Aimable is blissfully unaware of all of this. That night, though, the baker and his wife are awakened by loud singing outside their window. Aurélie opens it to find Dominique standing outside, down in the street with two other friends. He’s serenading her in Italian. Aimable, good and innocent (also a little naïve?) is convinced that this sweet young man has come to thank them for the good bread they sold him earlier today. Go downstairs and give him a pancake (that’s what it appears as in the subtitles, though what is given to Dominique looks like no pancake I’ve seen before).
So Aurélie goes off to give Dominique the pancake (and some more, much of it probably pretty steamy). Again, Aimable is completely oblivious, though one of the villagers realizes what is going on. He says nothing to the baker, though.
Meanwhile, Dominique, ‘pancake’ in hand, is busy exulting to a friend that this is love. He sees it in Aurélie’s eyes, he feels it in every breath. She has asked him to meet her behind the church at 5 in the morning, and to come for her on a horse. So romantic! And he will. The friend looks sceptical, but Dominique is all fired up with romantic (lustful?) zeal.
At 4 AM, Aimable, having done much of his work and put his loaves of dough out to prove, settles himself in the trough and goes off to sleep, secure in the belief that Aurélie will come downstairs and wake him up in two hours’ time. Within moments, he is so deeply asleep that Aurélie, shoes in hand, comes quietly down the stairs in her stockinged feet and slips out the door without Aimable stirring.
Morning dawns in the village and one of Aimable’s neighbours sees smoke billowing out of the bakery. The oven’s on fire! He rushes in, wakes up a still-sleeping Aimable, and together they open the oven, let out the smoke, weep over the burnt bread, and generally get things back in order. Poor Aurélie, says Aimable, affectionately. She was very tired last night; she must have overslept. He’ll take her a cup of coffee and wake her.
It takes him a while to realize that under the heaped-up covers on the bed is a pillow, not his wife. Where is she? Aimable cannot imagine. He goes searching all across the village, but no-one can help him. Nobody’s seen her. Aimable even rushes into church—it’s empty right now, with only the curate there—in the hope that he’ll find Aurélie there, but to no avail. There’s a longish conversation with the curate (who ends up with the impression that Aimable has been preventing a pious Aurélie from coming to church). The curate manages to badger an unwilling Aimable into attending mass (the curate and Aimable being the only ones present).
It doesn’t take long for the truth to emerge. The marquis turns up, all hot and bothered because his horse has gone missing. Some more frantic questioning of all and sundry, and a man speaks up. And then another, and another. The friend Dominique had confided in confesses: the shepherd had decided to steal the marquis’s horse to run away with Aurélie.
Poor Aimable soon finds himself the butt of all the jokes in the village. Some people are genuinely sympathetic, but there are others who think it’s hilarious. And the curate, churning out a sermon on how men should let their women come to church “to the Good Shepherd, so that they won’t go to the bad shepherd”, doesn’t exactly endear himself to Aimable with those words.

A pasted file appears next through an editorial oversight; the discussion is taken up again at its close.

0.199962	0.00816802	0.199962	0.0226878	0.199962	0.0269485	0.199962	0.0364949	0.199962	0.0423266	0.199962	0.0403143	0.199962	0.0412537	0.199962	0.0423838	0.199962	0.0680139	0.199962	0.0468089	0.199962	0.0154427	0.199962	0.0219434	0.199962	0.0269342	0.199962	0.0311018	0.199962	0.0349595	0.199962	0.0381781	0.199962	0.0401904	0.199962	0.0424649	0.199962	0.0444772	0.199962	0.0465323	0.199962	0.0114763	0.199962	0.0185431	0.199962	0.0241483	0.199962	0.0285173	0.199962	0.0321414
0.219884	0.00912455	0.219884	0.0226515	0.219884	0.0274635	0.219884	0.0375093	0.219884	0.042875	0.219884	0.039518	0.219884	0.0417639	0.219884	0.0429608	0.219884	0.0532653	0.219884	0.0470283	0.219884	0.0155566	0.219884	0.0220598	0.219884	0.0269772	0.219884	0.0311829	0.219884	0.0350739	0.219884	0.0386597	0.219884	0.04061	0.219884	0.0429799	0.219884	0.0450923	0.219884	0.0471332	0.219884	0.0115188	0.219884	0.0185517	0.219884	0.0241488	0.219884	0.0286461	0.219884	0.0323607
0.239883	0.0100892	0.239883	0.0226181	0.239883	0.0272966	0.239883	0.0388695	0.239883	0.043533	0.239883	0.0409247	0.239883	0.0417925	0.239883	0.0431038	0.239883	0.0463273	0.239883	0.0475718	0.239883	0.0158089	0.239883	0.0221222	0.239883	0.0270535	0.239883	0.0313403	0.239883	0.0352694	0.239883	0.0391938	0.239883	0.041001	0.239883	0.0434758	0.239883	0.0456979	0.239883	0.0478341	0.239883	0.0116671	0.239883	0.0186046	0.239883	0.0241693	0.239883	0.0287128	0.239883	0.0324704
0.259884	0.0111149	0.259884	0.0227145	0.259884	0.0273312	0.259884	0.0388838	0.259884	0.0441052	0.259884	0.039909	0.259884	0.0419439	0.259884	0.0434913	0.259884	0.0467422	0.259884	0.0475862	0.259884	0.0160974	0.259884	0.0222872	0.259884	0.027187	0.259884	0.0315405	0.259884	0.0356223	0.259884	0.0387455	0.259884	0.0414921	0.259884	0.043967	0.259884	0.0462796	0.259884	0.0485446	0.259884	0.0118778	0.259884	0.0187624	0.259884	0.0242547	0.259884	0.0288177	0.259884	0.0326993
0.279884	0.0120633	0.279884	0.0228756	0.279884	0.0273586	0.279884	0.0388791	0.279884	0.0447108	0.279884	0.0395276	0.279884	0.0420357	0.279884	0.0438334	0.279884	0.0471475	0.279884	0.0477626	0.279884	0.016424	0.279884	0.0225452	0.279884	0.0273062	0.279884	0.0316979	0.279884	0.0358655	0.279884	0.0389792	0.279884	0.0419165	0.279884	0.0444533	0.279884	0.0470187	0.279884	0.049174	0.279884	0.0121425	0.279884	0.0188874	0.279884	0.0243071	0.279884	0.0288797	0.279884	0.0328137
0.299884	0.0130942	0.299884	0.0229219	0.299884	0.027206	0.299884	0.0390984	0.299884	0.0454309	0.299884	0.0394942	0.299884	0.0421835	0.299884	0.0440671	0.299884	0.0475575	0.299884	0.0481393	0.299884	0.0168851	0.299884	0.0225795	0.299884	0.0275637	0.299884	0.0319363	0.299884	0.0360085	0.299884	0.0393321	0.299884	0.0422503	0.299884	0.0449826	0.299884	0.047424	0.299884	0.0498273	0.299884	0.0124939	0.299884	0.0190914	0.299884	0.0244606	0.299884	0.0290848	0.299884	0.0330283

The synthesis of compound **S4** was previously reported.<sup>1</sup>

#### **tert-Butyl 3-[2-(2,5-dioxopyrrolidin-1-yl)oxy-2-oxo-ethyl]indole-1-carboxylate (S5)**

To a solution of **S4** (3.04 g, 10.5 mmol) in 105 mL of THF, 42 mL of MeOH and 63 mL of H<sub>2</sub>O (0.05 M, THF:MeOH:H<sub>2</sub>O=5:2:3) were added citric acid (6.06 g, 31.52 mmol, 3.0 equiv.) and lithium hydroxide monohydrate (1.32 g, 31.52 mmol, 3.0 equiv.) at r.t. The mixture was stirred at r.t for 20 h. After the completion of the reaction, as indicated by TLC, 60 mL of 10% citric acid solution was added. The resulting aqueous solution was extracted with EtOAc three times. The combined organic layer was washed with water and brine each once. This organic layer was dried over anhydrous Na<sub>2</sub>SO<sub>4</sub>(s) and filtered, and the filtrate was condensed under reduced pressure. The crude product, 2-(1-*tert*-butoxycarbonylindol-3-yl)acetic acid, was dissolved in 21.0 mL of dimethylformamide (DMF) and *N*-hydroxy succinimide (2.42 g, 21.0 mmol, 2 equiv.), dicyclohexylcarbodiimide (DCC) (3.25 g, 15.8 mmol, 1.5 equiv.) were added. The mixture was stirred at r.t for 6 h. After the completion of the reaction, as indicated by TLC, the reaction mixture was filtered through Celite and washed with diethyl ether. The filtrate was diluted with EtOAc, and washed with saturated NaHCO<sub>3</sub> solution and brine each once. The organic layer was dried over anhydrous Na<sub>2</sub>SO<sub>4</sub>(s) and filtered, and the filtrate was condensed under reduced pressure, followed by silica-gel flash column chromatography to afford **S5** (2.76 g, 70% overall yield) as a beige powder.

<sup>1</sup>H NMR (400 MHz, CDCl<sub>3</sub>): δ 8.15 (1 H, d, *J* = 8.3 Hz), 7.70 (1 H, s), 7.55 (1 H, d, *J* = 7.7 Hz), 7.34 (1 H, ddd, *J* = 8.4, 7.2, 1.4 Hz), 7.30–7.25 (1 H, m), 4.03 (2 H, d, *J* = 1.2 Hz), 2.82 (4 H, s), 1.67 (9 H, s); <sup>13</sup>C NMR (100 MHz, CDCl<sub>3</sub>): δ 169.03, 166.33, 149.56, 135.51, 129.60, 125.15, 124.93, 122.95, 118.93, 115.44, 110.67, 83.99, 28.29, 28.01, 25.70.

For the moment, Aimable’s grief and humiliation are pretty much his own. But when he decides he’s too heartbroken to bake any more—which means that there’s no more bread to be had in the village—the villagers suddenly wake up to the fact that Aimable’s misery also translates into their own. They have to do something to help.
What I liked about this film:
The humour of it (though the version I saw had very sparse subtitles, which meant that a good bit of what was going on was lost on me, since my French is very limited). Despite my inability to understand some of what was being said, I did find it funny—funny in a way that understood the foibles of human nature, the way people hold grudges and judge others on the basis of something they don’t even remember, for instance; or the way people’s motivations drive them to do complete turnabouts. Some scenes in particular stand out for their hilarity: the marquis superintending the formation and deployment of a posse to search for the baker’s wife; Aimable, drunk and despairing, giving his own rendition of an Italian serenade; the burying of enmity between the elm-growing and spinach-growing neighbours.
And, Raimu’s Aimable. I have to admit I’d never seen Raimu before (not that I’ve seen much French cinema before…), but he is brilliant. He is hilarious as the cuckolded husband, staggering around drunk and doing his take on an Italian serenade. Maudlin at times, pretending to bear up to others (even trying to convince himself that his wife has merely gone to visit her mother), just plain lonely and miserable at others. His performance is flawless.
Mostly, though, it was the complete package: the portrayal of the different characters in a small village; the farcical nature of the entire episode, with the village coming together to help find Aurélie because in her rests their hope of good bread (any bread, actually); the dialogue; the acting.
What I didn’t like:
A bit of a niggle, really. The sudden lust between Aurélie and Dominique is puzzling, and it’s never quite clear what made Aurélie marry Aimable in the first place, since she doesn’t seem to love him (I can imagine, though, that a man so indispensable to a village as a good baker would be a fine catch). Aurélie’s motives are never quite clear, and at the end, I couldn’t figure out whether I sympathized with her or not—or a little bit of both.
Overall, though, a good film. I do wish someone would do comprehensive English subtitles for this. If you are willing to watch a somewhat inadequately subtitled version, here’s the one I saw.